There are a large variety of colleges in the SUNY system with some overlap in specialties from site to site. SUNY divides its campuses into four distinct categories: university centers/doctoral-granting institutions, university colleges, technology colleges, and community colleges. SUNY also has a unique relationship with its statutory colleges which embeds state-funded colleges within other institutions such as Cornell University and Alfred University. Students at the statutory colleges have the benefit of state-subsidized tuition while receiving all of the campus life amenities of the host institutions.

SUNY and the City University of New York are entirely different university systems. (However, both are public institutions which receive funding from New York State.) Also, SUNY is not to be confused with the University of the State of New York (USNY), which is the governmental umbrella organization for most education-related institutions and many education-related personnel (both public and private) in New York State, and which includes, as a component, the New York State Education Department.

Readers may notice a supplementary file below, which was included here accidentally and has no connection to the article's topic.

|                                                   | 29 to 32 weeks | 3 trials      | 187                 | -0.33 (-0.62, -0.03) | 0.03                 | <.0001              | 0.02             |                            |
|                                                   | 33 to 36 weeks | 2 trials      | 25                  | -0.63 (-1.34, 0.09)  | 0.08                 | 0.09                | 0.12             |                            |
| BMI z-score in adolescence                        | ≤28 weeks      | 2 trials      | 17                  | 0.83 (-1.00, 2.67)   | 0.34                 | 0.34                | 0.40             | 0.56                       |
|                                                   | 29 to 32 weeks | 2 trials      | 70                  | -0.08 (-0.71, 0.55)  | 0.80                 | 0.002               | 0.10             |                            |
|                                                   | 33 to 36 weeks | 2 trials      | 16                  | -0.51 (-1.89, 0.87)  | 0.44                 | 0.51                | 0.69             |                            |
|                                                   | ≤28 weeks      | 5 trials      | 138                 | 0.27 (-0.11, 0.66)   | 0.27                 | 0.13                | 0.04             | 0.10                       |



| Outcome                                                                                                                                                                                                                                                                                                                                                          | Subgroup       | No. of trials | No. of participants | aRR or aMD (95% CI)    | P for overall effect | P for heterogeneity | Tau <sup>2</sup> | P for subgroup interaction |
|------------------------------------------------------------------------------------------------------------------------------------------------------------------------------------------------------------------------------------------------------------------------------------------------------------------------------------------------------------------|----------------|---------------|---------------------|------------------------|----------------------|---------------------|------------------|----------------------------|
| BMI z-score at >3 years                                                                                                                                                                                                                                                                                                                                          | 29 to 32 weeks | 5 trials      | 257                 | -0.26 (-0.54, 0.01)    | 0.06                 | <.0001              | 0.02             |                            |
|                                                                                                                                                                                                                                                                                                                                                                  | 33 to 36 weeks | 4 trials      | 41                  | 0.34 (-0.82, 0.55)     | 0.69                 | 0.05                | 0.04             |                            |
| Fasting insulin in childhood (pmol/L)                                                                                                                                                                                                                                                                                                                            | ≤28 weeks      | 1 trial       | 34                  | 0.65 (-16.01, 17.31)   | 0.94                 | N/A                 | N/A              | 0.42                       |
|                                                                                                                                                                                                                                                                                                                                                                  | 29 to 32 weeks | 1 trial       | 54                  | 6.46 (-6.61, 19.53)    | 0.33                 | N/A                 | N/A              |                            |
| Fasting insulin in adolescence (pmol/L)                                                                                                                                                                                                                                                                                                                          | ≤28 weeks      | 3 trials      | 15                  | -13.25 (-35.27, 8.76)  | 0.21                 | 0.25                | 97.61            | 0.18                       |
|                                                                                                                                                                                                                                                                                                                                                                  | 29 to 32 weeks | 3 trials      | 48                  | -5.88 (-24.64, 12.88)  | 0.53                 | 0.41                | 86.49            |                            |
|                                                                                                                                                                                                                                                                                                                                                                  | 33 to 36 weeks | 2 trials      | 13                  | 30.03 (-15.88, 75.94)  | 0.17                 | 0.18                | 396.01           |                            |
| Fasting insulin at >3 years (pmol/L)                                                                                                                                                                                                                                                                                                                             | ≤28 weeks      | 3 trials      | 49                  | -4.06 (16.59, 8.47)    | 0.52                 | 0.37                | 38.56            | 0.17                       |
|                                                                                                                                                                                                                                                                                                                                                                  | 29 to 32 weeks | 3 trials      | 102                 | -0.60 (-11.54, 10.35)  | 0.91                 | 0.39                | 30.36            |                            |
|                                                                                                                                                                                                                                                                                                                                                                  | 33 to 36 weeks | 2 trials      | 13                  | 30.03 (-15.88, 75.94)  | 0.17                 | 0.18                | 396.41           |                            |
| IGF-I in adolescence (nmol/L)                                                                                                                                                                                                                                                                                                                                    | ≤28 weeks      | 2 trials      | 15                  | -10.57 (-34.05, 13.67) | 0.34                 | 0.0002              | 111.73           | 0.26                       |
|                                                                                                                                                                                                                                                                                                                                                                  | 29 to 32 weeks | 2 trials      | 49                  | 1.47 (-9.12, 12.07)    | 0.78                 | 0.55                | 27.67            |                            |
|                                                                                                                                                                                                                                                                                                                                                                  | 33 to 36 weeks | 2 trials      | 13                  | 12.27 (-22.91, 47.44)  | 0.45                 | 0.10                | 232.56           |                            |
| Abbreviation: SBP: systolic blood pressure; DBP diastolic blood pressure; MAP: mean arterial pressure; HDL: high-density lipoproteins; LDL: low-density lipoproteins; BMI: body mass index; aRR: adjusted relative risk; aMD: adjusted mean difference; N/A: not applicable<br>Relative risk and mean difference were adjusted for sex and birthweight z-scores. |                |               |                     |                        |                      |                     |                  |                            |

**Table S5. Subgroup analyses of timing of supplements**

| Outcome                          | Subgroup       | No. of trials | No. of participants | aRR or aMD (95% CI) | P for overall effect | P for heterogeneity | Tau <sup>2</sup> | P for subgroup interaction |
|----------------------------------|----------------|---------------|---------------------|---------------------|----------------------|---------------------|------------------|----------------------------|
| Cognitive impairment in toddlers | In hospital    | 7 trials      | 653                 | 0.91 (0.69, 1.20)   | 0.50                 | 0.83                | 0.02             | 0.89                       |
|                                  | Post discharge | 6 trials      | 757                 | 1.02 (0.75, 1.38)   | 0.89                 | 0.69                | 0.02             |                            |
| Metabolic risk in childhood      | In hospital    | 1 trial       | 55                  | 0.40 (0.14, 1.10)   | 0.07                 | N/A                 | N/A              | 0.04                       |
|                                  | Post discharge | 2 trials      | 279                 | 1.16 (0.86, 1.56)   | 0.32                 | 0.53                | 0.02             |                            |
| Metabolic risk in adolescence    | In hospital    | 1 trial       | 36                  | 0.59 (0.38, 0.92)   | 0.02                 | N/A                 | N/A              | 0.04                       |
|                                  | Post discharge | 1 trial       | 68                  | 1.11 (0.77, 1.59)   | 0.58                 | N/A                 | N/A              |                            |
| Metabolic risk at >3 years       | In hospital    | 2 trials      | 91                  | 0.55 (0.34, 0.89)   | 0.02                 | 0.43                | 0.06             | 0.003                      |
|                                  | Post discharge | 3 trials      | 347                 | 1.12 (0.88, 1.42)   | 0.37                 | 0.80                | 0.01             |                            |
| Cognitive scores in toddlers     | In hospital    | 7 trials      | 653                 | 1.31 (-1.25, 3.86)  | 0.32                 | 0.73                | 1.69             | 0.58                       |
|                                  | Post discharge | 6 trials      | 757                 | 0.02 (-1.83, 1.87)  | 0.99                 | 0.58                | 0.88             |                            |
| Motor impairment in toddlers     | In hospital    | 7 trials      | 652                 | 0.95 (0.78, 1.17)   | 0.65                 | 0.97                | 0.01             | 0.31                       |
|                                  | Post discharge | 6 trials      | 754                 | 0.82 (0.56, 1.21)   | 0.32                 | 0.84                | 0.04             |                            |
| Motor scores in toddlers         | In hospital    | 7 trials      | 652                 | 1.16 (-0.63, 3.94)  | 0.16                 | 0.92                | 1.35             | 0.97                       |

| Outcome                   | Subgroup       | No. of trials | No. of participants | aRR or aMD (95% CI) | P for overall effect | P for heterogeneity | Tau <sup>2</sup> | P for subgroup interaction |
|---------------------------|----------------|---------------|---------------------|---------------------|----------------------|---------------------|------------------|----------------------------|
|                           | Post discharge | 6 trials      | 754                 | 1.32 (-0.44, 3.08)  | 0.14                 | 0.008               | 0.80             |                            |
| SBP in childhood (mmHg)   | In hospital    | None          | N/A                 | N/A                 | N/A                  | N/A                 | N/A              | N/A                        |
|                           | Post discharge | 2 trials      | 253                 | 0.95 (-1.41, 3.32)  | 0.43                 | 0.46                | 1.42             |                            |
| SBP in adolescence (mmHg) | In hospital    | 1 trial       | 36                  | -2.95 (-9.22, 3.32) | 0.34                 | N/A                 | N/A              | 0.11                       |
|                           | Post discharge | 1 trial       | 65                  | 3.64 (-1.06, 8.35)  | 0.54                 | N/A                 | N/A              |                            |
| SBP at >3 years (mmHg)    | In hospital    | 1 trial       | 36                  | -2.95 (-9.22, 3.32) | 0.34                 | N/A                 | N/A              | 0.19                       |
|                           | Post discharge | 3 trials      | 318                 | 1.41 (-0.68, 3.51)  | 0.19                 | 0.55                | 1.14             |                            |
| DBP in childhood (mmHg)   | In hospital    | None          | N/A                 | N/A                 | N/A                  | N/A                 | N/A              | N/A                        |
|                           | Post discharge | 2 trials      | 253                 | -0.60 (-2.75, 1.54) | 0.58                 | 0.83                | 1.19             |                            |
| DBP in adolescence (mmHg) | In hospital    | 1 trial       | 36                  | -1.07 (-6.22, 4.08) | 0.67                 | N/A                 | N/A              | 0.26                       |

Student representation change